Explanation and clarifications in epsilon-delta limit proofs

In summary: Set$$\delta = \min\left(1,\frac{\epsilon}{11}\right)$$Then$$0 < |x - 5| < \delta \ \Rightarrow \ |x + 5| < 11$$So$$0 < |x - 5| < \delta \ \Rightarrow \ 0 < 3|x-5||x+5| < 3\delta \cdot 11 = 33\delta$$Now$$\delta < 1 \ \Rightarrow \ 33\delta < 33$$Therefore$$0 < |x - 5| < \delta \ \Rightarrow \ 0 < 3|x-5||x+5| <
  • #1
bamajon1974
21
5
TL;DR Summary
I have some questions about the details of epsilon-delta proofs. The questions are below the example and involve clarification and explanations of steps and details in the scratch work.
Good afternoon. I have some questions about the details of epsilon-delta proofs. Below is a simple, non-linear limit proof example which will serve as an example of the questions I have. The questions are below the example and involve clarification and explanations of steps and details in the scratch work.

Prove
$$\lim_{x \to 2} x^2 =4$$
Want to show
$$\forall \epsilon > 0, \exists \delta > 0 | \forall x \in \mathbb{R}, 0 < |x-2| < \delta \implies |x^2-4| < \epsilon$$
Scratch Work (to find ##\delta##)
- Manipulate implication ##0 < |x-2| < \delta \implies |x^2-4| < \epsilon## to find ##\delta##.
- Then ##|x^2-4| = |(x+2)(x-2)| = |x+2||x-2| < |x+2|\cdot\delta##.
- What to do with ##|x+2|## term? ##\delta## cannot depend on ##x##, only ##\epsilon##.
- Establish upper bound on ##|x+2|## term by making ##|x+2| < C## for some number ##C##, then any ##\delta \leq \frac{\epsilon}{C}## will work.
- Choose ##\delta \leq 1##. Then ##|x-2|<1 \implies -1<x-2<1 \implies 1<x<3 \implies 3<x+2<5 \implies## ##-5<3<x+2<5 \implies |x-2|<5 ##.
- Alternatively (using triangle inequality theorem), choose ##\delta \leq 1##. Then ##|x-2| < 1##. Now ##|x+2| = |x-2+4| \leq |x-2| + |4| = |x-2| + 4 < 1+4 = 5##.
- Then ##|x+2|\cdot\delta = 5\cdot\delta##.
- So ##\delta \leq 1## and ##\delta \leq \frac{\epsilon}{5}## at the same time. Take ##\delta = \min[1,\frac{\epsilon}{5}]##.
Actual Proof
Claim:
$$\forall \epsilon > 0, \exists \delta > 0 | \forall x \in \mathbb{R}, 0 < |x-2| < \delta \implies |x^2-4| < \epsilon$$
Proof:
- Let ##\epsilon > 0##.
- Take ##\delta = \min[1,\frac{\epsilon}{5}]##.
- Let ##x \in \mathbb{R}##. Assume ##0<|x-2|<\delta##. This implies ##|x-2|<\frac{\epsilon}{5}## and ##|x-2|<1##.
- Hence ##|x-2|<1 \implies -1<x-2<1 \implies 1<x<3 \implies 3<x+2<5 \implies -5<3<x+2<5## ##\implies |x-2|<5 ##.
- Then ##|x^2-4| = |(x+2)(x-2)| = |x+2||x-2| < (\frac{\epsilon}{5})\cdot5 = \epsilon##.
- Thus ##|x^2-4| < \epsilon. \blacksquare##

Questions
1. Is my scratch work and proof correct?
2. Last line of scratch work. When ##\delta## is found should it be equal to or less than or equal to some values? ##\delta = \min[1,\frac{\epsilon}{5}]## *OR* ##\delta \leq \min[1,\frac{\epsilon}{5}]##?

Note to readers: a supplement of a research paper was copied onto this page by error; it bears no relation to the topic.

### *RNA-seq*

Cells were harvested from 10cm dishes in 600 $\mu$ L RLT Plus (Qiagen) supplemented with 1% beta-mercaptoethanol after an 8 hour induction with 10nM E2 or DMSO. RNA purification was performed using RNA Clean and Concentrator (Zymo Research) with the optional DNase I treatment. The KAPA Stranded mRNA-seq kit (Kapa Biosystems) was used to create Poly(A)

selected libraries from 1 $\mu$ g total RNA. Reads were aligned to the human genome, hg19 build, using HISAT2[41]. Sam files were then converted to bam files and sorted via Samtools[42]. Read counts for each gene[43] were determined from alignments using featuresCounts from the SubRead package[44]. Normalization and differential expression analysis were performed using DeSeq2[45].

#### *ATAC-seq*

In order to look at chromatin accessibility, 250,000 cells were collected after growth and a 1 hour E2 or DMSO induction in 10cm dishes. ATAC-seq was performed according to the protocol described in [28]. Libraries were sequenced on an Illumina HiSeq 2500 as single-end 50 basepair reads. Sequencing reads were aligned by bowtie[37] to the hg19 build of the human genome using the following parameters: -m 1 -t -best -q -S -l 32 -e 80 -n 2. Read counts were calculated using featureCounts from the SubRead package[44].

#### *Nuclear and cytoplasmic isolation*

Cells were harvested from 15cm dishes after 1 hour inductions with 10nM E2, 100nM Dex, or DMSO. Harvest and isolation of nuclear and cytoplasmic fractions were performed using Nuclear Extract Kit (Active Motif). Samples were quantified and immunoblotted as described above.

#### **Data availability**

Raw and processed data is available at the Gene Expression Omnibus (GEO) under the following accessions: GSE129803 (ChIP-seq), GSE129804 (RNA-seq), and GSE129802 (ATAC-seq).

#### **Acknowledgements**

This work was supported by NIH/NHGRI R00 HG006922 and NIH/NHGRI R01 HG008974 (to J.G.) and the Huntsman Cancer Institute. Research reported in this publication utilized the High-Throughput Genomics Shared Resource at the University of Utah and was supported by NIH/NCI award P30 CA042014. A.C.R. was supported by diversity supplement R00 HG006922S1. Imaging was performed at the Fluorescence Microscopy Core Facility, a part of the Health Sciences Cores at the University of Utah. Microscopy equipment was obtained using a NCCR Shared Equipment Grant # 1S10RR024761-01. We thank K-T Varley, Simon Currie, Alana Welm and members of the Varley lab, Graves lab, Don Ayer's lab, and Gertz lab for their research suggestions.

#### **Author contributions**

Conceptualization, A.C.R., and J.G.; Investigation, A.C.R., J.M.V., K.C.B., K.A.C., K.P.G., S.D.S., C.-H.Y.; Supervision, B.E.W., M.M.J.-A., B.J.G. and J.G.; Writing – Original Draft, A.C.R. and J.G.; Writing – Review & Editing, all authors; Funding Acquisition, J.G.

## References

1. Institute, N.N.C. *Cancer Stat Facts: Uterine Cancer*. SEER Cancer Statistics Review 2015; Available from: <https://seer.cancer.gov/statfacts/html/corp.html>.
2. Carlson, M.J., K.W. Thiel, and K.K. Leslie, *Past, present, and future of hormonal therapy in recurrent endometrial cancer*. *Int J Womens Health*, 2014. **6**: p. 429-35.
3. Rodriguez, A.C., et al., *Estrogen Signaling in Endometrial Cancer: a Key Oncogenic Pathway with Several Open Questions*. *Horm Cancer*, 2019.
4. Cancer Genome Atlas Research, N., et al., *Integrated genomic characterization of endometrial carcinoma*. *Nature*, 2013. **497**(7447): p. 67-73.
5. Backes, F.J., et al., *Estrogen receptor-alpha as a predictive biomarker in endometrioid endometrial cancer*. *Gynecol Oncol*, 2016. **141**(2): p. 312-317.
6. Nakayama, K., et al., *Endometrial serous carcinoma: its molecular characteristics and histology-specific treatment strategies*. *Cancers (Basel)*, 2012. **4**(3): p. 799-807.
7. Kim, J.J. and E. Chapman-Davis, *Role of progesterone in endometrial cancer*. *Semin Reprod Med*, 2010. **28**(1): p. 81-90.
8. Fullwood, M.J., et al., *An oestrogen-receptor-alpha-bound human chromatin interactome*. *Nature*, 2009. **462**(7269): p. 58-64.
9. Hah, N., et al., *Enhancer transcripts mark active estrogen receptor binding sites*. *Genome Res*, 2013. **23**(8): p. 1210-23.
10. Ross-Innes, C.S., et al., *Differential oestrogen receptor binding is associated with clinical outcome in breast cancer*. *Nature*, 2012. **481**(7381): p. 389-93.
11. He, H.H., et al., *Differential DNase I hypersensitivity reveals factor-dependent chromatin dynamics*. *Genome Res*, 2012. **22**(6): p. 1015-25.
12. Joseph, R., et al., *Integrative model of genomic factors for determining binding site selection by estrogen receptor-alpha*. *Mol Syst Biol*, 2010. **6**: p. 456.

3. Scratch work. Is the phrase "getting control" of ##|x+2|## term the same as establishing an upper bound? I hear the "getting control" phrase frequently and want to confirm.
4. Is there any geometric interpretation to accompany the algebraic manipulations for the process of establishing an upper bound of ##|x+2|## term?
5. Similarly to Q4. In the graph of ##y=x^2##, for some ##\delta## around ##x=2##, the distance between ##2## and ##2-\delta## is not the same as the distance between ##2## and ##2+\delta##. So, from the scratch work, when ##\delta = \min[1,\frac{\epsilon}{5}]## and the smaller of the two values is chosen, can this geometrically be interpreted as picking the smaller ##\delta## band distance previously mentioned? Or are the two concepts unrelated?
6. Can I get some clarification establishing upper bounds in the scratch work? Is an upper bound established for the entire function, ##y=x^2## itself or is the upper bound found on just the ##|x+2|## term (since ##|x-2|## is bounded by ##\delta##)? I am pretty sure the latter but want to confirm. Also, I understand the algebra of turning ##|x-2|<1## into ##|x+2|<5##. But how does one justify using the ##|x-2|## term to come up with an upper bound for ##|x+2|## term?
7. Please refer to the webpage Milefoot which demonstrates epsilon-delta proofs for non-linear functions. The author(s) use a seemingly different way to find delta. How does the method for finding delta in the scratch work above differ from that in the webpage? Or why is the author of the website calculating delta in that way? Just a hunch, but in Q5, would a geometric interpretation of the unequal delta bands in a non-linear function apply to the way delta is calculated and chosen from the website instead?

Thank you for your help.
 
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  • #2
bamajon1974 said:
Summary:: I have some questions about the details of epsilon-delta proofs. The questions are below the example and involve clarification and explanations of steps and details in the scratch work.

- What to do with |x+2| term? δ cannot depend on x, only ϵ.
[tex]|x+2|=|x-2+4|<|x-2|+4<\delta+4[/tex]
So
[tex]|x^2-4|<\delta(\delta+4)<\epsilon[/tex]
is the required condition of ##\delta##.
 
  • #3
bamajon1974 said:
Actual Proof
Claim:
$$\forall \epsilon > 0, \exists \delta > 0 | \forall x \in \mathbb{R}, 0 < |x-2| < \delta \implies |x^2-4| < \epsilon$$